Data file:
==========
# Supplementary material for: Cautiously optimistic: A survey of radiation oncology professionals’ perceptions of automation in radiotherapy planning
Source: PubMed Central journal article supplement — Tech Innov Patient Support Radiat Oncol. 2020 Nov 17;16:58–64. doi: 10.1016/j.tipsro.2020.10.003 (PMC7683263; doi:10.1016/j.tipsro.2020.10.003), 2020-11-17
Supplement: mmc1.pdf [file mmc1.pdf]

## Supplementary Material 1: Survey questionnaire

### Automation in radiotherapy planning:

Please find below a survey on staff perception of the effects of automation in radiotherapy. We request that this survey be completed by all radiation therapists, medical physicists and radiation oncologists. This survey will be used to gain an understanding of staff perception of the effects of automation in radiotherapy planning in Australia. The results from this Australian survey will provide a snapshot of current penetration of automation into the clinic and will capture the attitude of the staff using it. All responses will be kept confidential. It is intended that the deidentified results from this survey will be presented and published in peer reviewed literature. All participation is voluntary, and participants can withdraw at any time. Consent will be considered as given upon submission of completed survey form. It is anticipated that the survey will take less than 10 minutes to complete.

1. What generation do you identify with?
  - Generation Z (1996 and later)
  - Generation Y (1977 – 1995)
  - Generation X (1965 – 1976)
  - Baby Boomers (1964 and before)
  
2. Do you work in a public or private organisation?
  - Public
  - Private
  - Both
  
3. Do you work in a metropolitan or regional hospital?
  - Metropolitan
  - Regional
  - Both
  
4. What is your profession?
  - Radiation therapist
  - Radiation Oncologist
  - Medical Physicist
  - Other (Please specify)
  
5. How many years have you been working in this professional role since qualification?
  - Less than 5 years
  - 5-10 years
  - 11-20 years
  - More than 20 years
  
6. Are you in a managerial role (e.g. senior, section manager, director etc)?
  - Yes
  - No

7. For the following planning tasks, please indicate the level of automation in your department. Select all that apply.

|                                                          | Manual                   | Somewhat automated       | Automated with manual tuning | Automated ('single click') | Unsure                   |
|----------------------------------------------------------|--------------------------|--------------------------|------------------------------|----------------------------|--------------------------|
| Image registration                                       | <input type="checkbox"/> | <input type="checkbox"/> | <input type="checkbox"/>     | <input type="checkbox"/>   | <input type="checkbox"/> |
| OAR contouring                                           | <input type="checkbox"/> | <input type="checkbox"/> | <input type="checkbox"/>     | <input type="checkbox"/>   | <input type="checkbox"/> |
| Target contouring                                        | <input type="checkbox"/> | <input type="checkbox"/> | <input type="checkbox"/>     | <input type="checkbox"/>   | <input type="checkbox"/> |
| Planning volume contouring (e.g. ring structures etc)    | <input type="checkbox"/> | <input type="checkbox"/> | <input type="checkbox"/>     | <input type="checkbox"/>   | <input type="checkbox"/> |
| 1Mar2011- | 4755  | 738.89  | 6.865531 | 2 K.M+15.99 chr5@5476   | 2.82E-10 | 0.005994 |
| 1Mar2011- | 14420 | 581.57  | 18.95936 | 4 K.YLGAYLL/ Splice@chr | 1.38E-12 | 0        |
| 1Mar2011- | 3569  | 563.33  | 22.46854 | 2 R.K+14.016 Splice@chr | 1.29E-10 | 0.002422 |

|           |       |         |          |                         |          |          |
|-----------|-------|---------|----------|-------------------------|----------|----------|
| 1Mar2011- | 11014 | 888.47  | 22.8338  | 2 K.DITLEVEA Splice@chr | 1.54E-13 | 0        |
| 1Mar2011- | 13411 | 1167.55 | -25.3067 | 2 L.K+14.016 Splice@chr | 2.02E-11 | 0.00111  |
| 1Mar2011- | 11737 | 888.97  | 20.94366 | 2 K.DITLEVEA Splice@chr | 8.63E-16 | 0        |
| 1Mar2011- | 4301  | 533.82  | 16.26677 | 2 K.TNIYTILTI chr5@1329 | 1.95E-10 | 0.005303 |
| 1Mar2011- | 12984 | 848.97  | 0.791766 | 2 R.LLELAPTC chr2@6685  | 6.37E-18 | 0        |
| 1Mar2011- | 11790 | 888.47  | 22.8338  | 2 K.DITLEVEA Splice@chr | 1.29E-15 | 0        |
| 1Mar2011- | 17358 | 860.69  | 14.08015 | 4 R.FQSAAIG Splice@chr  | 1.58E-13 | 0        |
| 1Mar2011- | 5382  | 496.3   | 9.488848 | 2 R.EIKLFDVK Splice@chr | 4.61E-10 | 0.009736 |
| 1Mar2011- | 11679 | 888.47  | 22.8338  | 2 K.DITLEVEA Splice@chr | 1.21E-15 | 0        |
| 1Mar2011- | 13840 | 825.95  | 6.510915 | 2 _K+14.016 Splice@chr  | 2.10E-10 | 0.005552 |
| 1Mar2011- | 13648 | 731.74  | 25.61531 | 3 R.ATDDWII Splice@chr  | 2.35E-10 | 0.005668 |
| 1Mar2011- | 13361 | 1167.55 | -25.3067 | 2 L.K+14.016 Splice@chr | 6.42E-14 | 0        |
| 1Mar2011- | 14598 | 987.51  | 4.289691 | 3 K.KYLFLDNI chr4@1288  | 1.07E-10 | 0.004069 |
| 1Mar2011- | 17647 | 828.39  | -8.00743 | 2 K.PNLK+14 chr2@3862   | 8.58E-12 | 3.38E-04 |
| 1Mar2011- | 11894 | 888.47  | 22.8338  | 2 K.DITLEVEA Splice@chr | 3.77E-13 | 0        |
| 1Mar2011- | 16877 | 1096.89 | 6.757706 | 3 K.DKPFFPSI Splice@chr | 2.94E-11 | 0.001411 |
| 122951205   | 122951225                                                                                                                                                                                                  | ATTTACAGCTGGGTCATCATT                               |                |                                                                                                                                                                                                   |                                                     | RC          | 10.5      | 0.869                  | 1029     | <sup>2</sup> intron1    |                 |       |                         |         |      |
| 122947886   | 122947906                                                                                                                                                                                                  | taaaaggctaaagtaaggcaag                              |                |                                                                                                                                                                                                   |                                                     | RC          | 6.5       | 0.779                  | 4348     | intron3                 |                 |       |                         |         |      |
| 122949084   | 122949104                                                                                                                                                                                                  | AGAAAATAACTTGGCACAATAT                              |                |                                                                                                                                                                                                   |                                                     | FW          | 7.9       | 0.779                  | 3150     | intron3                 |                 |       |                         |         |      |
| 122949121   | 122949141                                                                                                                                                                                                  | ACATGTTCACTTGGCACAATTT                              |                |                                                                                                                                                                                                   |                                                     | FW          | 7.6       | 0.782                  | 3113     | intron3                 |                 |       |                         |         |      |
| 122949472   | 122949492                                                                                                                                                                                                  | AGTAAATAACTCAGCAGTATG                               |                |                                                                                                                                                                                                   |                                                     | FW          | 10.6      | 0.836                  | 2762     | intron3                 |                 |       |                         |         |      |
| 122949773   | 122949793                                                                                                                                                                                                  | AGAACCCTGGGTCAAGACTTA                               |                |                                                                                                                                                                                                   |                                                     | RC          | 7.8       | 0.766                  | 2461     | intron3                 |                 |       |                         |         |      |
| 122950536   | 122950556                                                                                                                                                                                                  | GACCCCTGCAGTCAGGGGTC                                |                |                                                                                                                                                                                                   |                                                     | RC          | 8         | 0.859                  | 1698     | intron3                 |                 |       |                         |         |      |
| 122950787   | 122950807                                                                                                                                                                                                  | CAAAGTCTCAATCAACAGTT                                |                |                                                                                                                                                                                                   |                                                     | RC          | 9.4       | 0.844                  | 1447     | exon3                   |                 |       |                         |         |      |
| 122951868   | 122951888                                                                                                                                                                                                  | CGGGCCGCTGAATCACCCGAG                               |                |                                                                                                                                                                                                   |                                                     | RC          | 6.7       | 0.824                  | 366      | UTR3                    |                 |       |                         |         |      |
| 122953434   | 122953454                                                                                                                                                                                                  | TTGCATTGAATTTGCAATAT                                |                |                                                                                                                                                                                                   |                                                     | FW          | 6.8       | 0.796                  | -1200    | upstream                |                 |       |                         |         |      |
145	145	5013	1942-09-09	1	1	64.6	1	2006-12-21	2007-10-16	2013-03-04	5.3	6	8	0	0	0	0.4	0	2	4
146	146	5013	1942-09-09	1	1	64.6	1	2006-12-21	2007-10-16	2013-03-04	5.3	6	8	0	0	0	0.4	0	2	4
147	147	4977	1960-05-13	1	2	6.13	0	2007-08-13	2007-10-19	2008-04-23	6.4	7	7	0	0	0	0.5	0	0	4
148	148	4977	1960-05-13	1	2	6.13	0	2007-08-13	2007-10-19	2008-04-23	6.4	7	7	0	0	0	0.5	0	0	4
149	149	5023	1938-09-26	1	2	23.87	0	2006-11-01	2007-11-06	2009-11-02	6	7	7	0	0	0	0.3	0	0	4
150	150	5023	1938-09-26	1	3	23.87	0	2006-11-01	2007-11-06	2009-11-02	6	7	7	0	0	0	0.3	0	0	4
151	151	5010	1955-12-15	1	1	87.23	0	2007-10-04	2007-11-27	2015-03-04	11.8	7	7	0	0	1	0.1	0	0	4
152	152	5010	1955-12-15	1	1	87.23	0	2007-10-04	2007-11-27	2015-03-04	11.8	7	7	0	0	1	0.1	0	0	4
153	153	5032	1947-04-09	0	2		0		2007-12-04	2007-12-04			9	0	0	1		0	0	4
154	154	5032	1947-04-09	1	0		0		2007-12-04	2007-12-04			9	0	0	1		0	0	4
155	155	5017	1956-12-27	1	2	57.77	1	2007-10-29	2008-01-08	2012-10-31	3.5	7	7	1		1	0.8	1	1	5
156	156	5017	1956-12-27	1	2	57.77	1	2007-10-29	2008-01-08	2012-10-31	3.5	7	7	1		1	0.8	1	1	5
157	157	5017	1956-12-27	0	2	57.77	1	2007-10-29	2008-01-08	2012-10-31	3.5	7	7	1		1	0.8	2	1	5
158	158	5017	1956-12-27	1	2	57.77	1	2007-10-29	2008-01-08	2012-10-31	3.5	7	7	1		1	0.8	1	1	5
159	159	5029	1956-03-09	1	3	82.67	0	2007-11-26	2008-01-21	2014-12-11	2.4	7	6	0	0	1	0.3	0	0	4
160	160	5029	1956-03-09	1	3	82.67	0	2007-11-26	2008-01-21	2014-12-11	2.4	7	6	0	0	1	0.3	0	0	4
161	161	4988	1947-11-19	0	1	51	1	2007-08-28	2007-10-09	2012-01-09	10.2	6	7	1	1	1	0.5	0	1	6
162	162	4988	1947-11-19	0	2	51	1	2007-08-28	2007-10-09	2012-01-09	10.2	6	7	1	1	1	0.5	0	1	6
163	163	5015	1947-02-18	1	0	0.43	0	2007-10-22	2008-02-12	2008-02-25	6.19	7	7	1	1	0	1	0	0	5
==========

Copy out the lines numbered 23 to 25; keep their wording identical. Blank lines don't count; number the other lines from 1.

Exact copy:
  - Medical Physicist
  - Other (Please specify)
  
5. How many years have you been working in this professional role since qualification?